The Dodgers could cruise to 90 wins and the division title without making a single move the rest of the season. They're that good and the rest of the division is that bad. But right now they've got one ace (Billingsley), two guys who are pretty good (Kershaw and Wolf) and a bunch of guys you wouldn't want within six miles of a postseason start. Not the way they're pitching lately, anyway. (I still have high hopes for McDonald, and Kuroda was solid last year.)
This was in response to an L.A. Times piece about Ned Colletti looking for pitching. Neyer's probably right about the Dodgers' quality relative to the rest of their sad division, though I'm as sure as Rob.
For one thing, I'm not convinced that either the Padres' or Diamondbacks' hitters can't get their act together and make this an interesting race. Both teams have several guys who are woefully underperforming for no obvious reason, and some of them are bound to find their stroke and bounce back.
Neither am I convinced that Casey Blake, Juan Pierre and Orlando Hudson will continue to hit anything like what they've done so far. Granted, Rafael Furcal and, to a lesser degree, Russel Martin have been disappointing with the bats this year, but otherwise, the Dodgers are mostly flush with over-achievers. Yet again, the odds are not in their favor for that to continue.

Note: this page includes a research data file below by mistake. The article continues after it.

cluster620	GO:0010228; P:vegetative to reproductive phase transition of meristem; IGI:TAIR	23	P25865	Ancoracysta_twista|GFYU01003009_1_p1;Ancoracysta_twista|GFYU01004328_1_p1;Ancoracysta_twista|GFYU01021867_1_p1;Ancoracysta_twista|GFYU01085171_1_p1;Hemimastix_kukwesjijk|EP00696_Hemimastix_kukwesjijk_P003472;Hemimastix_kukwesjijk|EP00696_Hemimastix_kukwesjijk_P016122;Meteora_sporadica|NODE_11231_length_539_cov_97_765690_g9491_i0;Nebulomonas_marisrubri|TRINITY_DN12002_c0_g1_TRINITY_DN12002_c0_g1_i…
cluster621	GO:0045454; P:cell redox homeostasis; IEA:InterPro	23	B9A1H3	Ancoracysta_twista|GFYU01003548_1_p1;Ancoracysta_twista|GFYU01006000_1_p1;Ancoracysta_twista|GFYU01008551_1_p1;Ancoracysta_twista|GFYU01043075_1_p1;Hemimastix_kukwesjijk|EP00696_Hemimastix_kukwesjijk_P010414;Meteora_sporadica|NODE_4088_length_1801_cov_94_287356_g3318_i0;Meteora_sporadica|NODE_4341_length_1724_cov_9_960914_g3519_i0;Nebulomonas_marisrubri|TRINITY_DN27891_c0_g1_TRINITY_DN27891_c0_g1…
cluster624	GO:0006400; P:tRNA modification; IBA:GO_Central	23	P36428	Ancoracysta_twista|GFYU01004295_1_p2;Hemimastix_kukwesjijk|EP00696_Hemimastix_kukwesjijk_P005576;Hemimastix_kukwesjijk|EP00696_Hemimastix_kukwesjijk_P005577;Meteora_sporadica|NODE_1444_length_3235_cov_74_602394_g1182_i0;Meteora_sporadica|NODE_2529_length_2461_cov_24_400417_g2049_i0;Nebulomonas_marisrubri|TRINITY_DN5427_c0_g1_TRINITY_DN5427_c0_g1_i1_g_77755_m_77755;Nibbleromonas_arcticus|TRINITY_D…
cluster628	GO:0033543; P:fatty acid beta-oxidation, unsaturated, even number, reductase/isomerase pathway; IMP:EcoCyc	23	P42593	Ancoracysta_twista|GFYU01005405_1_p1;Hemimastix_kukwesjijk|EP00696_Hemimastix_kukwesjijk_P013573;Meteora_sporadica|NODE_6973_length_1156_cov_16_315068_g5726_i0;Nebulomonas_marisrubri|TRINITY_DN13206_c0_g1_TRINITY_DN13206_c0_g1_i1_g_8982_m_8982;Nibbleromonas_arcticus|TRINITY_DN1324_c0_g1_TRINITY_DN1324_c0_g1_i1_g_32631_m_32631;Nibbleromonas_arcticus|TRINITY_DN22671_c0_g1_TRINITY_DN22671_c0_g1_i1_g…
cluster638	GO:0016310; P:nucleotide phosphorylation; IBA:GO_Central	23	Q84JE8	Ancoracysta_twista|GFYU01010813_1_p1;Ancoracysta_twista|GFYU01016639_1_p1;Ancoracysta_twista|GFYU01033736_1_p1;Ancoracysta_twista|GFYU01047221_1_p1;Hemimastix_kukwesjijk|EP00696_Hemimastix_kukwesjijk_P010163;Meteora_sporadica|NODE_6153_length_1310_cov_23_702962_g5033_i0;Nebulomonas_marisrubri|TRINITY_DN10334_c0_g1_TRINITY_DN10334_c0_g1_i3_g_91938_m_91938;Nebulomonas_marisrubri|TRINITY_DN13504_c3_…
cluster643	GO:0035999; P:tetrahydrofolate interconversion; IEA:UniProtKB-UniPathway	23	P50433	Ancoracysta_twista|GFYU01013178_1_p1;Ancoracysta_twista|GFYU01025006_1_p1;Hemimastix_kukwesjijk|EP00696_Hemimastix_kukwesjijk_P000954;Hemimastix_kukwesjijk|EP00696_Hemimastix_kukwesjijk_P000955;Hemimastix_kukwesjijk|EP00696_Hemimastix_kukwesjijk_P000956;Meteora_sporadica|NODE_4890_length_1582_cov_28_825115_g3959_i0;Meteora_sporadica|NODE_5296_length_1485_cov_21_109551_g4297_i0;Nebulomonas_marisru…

But the most tenuous threads holding the Dodger fabric together weave through the pitching staff, especially the starters.
In particular, counting on Randy Wolf to continue to be healthy and/or good for the rest of the year is a fairly dubious enterprise. He hasn't pitched 200 innings in a season since 2003, and from 2004-07 he averaged just 94 innings and 17 starts, with a combined record of 24-18, 4.62 ERA.
He managed to toss 190 innings in 2008, though his ERA in Houston and San Diego (4.30 combined) was a lot closer to his career mark (4.20) than this year's performance to date.
The 2.84 ERA he's posted so far would be not only a run and a half below his career average (at age 32) but also almost half a run below his career best of 3.20, posted in 2002. Somehow that seems unlikely.
The reason for Wolf's unprecedented success is obvious. His BABIP this season is a ridiculously low .247, fully 50 points below the league average, and something over which Wolf has little if any control.
So he's bound to regress some, and probably soon. That will leave the Dodgers with ONE pretty good option (Billingsley) and a lot of question marks:
- Two talented but erratic youngsters (Clayton Kershaw and John McDonald),
- a decent but injured veteran (Hiroki Kuroda),
- three 30-something re-treads (Eric Milton, Jeff Weaver and Wolf, when he falters),
- and an organizational soldier pressed into everyday service (Eric Stults).
I don't blame Colletti for trying to improve his pitching staff. Smart general managers can look at a team that's winning and see how it could be even better or might need improvement down the line. Guys like the White Sox' Ken Williams don't recognize good fortune when they see it, leave the roster alone, and end up in third place instead of first.